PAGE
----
Thursday, October 15, 2009

What do a Chinese room and a cat have in common

They are both indeterminate! As much as you can’t tell if the computer or person in the other room knows Chinese, or if the cat is alive or dead or both, as one is blurred into the other, however, you can find a solution by direct observation (if you know what goes behind closed doors). 

The image on the left is taken from The picture is Searle's argument against the hubris of the Strong AI project that conflates the ability to perform a particular analytical task with understanding.

Picture on the right is from

 The paradox of the cat is a small paragraph from the English translation of Erwin Schrodinger's paper, The Present Situation in Quantum Mechanics.
"That it is in fact not impossible to express the degree and kind of blurring of all variables in one  perfectly clear concept follows at once from the fact that Q.M. as a matter of fact has and uses such an instrument, the so-called wave function or psi-function, also called system vector. Much more is to be said about it further on. That it is an abstract, unintuitive mathematical construct is a scruple that almost always surfaces against new aids to thought and that carries no great message. At all events it is an imagined entity that images the blurring of all variables at every moment just as clearly and faithfully as does the classical model its sharp numerical values. Its equation of motion too, the law of its time variation, so long as the system is left undisturbed, lags not one iota, in clarity and determinacy, behind the equations of motion of the classical model. So the latter could be straight-forwardly replaced by the psi-function, so long as the blurring is confined to atomic scale, not open to direct control. In fact the function has provided quite intuitive and convenient ideas, for instance the "cloud of negative electricity" around the nucleus, etc. But serious misgivings arise if one notices that the uncertainty affects macroscopically tangible and visible things, for which the term "blurring" seems simply wrong. The state of a radioactive nucleus is presumably blurred in such a degree and fashion that neither the instant of decay nor the direction, in which the emitted alpha-particle leaves the nucleus, is well-established. Inside the nucleus, blurring doesn't bother us. The emerging particle is described, if one wants to expain intuitively, as a spherical wave that continuously emanates in all directions and that impinges continuously on a surrounding luminescent screen over its full expanse. The screen however does not show a more or less constant uniform glow, but rather lights up at one instant at one spot - or, to honor the truth, it lights up now here, now there, for it is impossible to do the experiment with only a single radioactive atom. If in place of the luminescent screen one uses a spatially extended detector, perhaps a gas that is ionised by the alpha-particles, one finds the ion pairs arranged along rectilinear columns,[5] that project backwards on to the bit of radioactive matter from which the alpha-radiation comes (C.T.R. Wilson's cloud chamber tracks, made visible by drops of moisture condensed on the ions).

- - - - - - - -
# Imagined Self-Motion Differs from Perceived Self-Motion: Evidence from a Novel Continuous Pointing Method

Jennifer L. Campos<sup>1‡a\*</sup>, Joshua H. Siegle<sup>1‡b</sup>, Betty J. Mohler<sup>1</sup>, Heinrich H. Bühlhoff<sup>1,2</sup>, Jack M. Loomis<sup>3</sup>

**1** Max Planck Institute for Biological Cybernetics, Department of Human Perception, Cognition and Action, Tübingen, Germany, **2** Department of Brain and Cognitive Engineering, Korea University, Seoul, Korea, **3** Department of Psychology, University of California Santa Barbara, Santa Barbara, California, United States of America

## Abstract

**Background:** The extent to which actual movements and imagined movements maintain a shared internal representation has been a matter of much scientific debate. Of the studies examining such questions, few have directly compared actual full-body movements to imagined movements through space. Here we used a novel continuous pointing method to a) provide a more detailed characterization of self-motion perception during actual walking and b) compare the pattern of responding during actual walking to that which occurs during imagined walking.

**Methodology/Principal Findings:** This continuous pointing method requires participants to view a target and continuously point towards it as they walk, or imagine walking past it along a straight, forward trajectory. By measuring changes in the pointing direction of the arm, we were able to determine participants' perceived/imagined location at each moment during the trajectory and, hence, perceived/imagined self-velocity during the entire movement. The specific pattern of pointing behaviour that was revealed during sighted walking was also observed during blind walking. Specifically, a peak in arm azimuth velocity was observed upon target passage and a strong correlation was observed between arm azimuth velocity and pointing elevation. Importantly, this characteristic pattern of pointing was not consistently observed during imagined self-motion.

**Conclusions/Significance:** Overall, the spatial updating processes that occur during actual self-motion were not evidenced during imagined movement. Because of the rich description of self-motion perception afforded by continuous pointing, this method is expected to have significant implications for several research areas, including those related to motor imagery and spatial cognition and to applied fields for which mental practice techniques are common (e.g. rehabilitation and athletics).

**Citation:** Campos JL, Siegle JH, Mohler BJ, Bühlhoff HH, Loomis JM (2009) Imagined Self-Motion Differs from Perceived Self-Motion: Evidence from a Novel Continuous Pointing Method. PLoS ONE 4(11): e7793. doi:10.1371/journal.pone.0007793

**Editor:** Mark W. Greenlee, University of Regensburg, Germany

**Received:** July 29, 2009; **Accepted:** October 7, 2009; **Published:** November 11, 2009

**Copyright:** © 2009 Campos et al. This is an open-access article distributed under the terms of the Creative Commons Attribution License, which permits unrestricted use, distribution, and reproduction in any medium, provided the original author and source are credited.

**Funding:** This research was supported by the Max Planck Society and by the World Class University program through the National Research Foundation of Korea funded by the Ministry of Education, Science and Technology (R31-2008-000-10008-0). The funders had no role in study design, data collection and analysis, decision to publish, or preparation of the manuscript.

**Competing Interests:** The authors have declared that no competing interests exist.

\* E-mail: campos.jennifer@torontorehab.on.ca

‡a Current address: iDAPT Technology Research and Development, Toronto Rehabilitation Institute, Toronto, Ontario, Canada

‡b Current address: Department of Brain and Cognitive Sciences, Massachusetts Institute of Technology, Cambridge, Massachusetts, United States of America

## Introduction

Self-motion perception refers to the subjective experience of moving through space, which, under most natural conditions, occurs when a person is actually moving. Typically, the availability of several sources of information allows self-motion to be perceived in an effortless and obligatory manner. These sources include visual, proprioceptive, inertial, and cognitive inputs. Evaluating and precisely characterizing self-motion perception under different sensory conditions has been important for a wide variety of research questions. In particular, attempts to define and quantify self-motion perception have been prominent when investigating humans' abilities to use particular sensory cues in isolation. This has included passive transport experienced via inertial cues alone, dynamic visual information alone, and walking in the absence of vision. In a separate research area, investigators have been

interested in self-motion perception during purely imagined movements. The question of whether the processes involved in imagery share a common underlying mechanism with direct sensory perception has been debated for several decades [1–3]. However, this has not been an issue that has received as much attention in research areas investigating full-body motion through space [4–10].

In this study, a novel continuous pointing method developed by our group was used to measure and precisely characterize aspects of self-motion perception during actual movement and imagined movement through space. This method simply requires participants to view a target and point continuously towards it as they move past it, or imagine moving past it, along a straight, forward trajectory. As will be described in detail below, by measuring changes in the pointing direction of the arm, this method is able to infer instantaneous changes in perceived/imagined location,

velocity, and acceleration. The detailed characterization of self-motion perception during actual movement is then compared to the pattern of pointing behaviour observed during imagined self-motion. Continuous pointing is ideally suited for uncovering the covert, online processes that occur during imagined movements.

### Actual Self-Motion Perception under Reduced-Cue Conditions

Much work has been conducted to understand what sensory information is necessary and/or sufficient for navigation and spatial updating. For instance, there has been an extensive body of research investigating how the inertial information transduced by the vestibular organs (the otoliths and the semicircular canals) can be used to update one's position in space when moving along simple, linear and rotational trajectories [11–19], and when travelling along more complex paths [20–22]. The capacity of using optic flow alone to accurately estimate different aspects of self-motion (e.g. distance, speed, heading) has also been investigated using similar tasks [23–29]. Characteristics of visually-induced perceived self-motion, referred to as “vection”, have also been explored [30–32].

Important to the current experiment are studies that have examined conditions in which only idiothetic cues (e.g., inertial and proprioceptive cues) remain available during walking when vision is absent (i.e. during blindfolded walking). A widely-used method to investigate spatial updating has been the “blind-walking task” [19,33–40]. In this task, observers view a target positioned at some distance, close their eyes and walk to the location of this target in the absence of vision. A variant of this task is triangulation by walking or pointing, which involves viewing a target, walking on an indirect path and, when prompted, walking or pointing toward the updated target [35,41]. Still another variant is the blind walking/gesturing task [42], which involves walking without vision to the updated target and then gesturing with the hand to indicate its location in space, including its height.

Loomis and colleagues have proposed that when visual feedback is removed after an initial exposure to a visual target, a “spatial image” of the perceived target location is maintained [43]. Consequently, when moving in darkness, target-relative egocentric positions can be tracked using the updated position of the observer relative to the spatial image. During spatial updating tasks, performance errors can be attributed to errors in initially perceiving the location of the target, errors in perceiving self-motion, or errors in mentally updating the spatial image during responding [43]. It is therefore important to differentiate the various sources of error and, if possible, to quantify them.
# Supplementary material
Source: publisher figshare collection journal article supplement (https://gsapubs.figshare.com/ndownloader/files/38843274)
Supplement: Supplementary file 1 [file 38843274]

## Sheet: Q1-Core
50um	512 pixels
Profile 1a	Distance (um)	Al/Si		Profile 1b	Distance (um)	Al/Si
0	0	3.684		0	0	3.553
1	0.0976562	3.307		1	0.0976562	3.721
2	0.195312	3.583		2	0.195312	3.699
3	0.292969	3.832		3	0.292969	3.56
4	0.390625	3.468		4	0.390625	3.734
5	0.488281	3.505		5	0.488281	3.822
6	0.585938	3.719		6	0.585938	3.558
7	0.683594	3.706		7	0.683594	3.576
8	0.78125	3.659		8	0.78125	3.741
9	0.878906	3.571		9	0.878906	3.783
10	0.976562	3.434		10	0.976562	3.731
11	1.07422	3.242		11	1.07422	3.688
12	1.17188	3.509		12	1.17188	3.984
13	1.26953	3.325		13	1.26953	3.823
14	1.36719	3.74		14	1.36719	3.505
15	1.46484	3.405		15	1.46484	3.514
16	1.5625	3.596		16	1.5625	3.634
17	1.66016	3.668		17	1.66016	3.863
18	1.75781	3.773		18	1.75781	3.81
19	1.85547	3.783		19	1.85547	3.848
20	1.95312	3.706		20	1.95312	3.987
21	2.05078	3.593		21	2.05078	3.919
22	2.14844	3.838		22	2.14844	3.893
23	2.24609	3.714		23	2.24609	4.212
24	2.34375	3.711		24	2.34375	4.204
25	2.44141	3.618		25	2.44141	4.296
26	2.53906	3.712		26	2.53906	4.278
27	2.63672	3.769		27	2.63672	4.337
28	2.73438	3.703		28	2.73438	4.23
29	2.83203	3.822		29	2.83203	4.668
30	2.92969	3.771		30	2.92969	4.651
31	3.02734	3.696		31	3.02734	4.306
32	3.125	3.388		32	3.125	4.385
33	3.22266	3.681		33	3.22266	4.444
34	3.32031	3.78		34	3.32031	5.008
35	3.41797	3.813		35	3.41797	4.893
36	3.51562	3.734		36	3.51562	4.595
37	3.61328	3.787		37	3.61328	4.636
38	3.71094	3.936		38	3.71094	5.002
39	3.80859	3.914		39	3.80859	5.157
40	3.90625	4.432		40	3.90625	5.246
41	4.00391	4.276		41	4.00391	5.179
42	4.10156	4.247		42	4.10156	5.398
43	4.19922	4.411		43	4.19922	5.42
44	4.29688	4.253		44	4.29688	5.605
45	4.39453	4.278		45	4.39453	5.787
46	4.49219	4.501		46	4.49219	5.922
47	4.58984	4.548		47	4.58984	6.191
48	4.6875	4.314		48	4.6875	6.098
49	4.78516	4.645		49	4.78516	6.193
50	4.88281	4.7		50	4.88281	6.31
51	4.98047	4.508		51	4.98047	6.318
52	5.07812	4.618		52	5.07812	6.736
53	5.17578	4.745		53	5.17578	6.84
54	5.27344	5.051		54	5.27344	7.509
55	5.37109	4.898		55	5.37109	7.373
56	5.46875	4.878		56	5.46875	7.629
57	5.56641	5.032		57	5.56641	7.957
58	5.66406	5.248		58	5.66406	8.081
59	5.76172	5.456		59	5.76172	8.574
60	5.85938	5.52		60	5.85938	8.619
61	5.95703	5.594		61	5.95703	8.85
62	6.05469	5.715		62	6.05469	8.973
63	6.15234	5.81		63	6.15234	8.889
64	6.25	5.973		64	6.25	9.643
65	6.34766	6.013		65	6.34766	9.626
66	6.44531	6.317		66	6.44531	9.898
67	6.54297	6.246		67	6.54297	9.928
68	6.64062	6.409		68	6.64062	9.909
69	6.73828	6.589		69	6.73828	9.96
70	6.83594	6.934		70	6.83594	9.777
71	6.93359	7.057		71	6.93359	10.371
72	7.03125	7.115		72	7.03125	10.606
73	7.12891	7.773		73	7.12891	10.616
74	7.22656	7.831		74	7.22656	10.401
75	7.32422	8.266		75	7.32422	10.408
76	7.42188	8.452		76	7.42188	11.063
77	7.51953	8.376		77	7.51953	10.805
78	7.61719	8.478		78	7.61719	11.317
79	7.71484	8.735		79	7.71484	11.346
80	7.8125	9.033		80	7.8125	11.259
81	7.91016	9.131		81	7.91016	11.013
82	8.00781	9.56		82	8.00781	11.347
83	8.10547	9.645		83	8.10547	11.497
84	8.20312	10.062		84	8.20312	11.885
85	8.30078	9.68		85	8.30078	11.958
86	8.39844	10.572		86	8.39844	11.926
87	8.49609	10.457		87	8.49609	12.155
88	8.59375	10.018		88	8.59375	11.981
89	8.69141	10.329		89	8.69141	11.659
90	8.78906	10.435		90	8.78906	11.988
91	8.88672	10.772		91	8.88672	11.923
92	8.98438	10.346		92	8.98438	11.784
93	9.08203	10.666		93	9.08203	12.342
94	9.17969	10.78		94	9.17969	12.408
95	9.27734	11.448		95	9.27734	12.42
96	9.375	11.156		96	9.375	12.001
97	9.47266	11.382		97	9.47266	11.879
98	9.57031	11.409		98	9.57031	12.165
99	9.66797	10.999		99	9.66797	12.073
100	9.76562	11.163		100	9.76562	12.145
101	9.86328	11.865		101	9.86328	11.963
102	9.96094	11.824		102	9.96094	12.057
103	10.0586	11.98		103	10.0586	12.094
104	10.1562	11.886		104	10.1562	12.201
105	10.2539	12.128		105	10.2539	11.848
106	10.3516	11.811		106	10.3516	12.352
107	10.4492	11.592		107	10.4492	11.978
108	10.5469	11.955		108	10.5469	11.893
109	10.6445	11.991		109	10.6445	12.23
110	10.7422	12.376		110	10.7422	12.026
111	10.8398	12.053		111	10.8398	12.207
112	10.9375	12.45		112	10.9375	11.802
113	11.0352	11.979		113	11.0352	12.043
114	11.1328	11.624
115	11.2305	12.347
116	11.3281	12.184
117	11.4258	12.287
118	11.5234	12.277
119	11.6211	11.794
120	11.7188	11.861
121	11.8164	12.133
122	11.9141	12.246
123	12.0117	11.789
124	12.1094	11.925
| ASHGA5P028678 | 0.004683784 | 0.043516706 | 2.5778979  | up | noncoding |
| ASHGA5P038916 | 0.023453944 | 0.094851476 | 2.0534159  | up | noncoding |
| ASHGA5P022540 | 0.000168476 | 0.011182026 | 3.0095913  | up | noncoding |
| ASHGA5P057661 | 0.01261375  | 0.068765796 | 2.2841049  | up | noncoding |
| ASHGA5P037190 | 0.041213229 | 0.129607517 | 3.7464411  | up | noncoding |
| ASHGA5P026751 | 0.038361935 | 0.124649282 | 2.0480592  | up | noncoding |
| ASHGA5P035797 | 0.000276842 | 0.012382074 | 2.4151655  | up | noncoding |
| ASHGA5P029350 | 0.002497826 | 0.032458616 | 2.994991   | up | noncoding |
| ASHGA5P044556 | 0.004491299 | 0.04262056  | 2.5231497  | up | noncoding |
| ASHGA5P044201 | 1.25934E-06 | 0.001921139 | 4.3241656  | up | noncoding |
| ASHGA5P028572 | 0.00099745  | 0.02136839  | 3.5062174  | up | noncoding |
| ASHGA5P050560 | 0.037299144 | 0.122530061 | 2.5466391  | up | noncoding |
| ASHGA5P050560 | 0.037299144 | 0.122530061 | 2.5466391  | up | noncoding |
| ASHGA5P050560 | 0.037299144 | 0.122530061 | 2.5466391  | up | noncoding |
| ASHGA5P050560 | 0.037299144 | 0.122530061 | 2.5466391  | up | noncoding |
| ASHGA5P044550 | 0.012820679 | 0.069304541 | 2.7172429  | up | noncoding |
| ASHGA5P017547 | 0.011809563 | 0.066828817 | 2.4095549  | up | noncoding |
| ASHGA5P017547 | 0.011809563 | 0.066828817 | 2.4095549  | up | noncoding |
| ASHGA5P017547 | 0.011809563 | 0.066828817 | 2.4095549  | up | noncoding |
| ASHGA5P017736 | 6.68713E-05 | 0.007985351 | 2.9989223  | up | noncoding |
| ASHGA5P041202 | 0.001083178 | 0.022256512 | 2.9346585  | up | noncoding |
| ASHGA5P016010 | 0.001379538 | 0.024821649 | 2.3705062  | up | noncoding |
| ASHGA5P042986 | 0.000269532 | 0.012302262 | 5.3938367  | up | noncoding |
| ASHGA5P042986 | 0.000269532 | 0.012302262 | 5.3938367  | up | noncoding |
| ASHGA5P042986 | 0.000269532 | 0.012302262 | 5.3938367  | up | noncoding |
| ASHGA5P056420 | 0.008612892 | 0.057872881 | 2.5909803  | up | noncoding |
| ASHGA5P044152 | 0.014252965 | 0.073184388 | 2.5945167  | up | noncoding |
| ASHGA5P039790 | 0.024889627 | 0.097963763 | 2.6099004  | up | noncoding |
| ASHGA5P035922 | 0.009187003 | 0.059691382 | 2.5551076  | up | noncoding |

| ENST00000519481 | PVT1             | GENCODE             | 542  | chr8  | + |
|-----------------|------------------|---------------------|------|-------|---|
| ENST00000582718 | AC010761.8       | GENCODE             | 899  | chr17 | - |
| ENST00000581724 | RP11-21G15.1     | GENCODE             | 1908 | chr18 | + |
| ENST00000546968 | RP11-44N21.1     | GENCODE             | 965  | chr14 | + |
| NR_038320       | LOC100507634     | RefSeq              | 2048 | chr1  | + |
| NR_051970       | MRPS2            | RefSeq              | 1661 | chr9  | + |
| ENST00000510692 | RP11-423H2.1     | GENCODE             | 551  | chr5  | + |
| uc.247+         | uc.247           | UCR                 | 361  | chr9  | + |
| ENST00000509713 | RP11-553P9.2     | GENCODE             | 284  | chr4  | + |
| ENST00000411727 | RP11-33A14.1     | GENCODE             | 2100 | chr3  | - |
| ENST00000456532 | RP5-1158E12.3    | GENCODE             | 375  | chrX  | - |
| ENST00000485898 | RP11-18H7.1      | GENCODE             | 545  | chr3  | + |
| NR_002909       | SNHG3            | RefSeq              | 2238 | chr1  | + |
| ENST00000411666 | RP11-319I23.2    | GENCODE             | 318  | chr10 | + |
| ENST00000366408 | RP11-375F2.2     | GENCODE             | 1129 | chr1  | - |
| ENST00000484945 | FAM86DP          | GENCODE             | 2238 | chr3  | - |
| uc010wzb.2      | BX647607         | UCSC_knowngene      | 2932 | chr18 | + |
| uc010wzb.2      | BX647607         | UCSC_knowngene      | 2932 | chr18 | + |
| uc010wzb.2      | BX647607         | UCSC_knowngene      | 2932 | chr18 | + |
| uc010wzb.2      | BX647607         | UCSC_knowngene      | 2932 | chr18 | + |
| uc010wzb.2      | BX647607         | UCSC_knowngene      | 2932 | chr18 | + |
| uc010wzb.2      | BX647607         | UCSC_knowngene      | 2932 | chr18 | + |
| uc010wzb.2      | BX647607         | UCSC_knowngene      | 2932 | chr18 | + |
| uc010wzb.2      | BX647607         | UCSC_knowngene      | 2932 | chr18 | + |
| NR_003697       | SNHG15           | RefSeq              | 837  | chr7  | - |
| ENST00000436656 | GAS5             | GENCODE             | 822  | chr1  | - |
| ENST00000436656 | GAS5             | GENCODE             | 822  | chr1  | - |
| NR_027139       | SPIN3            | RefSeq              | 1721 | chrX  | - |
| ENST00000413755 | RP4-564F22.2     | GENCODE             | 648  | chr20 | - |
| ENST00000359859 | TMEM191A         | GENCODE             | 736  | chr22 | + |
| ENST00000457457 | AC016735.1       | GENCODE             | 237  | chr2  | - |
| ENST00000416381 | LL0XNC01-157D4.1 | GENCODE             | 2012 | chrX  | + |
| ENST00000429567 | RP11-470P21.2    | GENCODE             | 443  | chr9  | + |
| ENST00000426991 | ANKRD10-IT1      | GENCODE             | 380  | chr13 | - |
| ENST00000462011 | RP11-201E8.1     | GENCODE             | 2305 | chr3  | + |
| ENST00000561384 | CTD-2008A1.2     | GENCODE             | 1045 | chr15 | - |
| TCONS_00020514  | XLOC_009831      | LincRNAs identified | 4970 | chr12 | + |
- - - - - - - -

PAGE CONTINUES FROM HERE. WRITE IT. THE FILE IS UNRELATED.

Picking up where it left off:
One can even set up quite ridiculous cases. A cat is penned up in a steel chamber, along with the following device (which must be secured against direct interference by the cat): in a Geiger counter there is a tiny bit of radioactive substance, so small, that perhaps in the course of the hour one of the atoms decays, but also, with equal probability, perhaps none; if it happens, the counter tube discharges and through a relay releases a hammer which shatters a small flask of hydrocyanic acid. If one has left this entire system to itself for an hour, one would say that the cat still lives if meanwhile no atom has decayed. The psi-function of the entire system would express this by having in it the living and dead cat (pardon the expression) mixed or smeared out in equal parts.

 It is typical of these cases that an indeterminacy originally restricted to the atomic domain becomes transformed into macroscopic indeterminacy, which can then be resolved by direct observation. That prevents us from so naively accepting as valid a "blurred model" for representing reality. In itself it would not embody anything unclear or contradictory. There is a difference between a shaky or out-of-focus photograph and a snapshot of clouds and fog banks."(Excerpted from

I thought I'll just leave a thought discovered in the course of my presentation yesterday. Too brain-dead to analyze now. More later.


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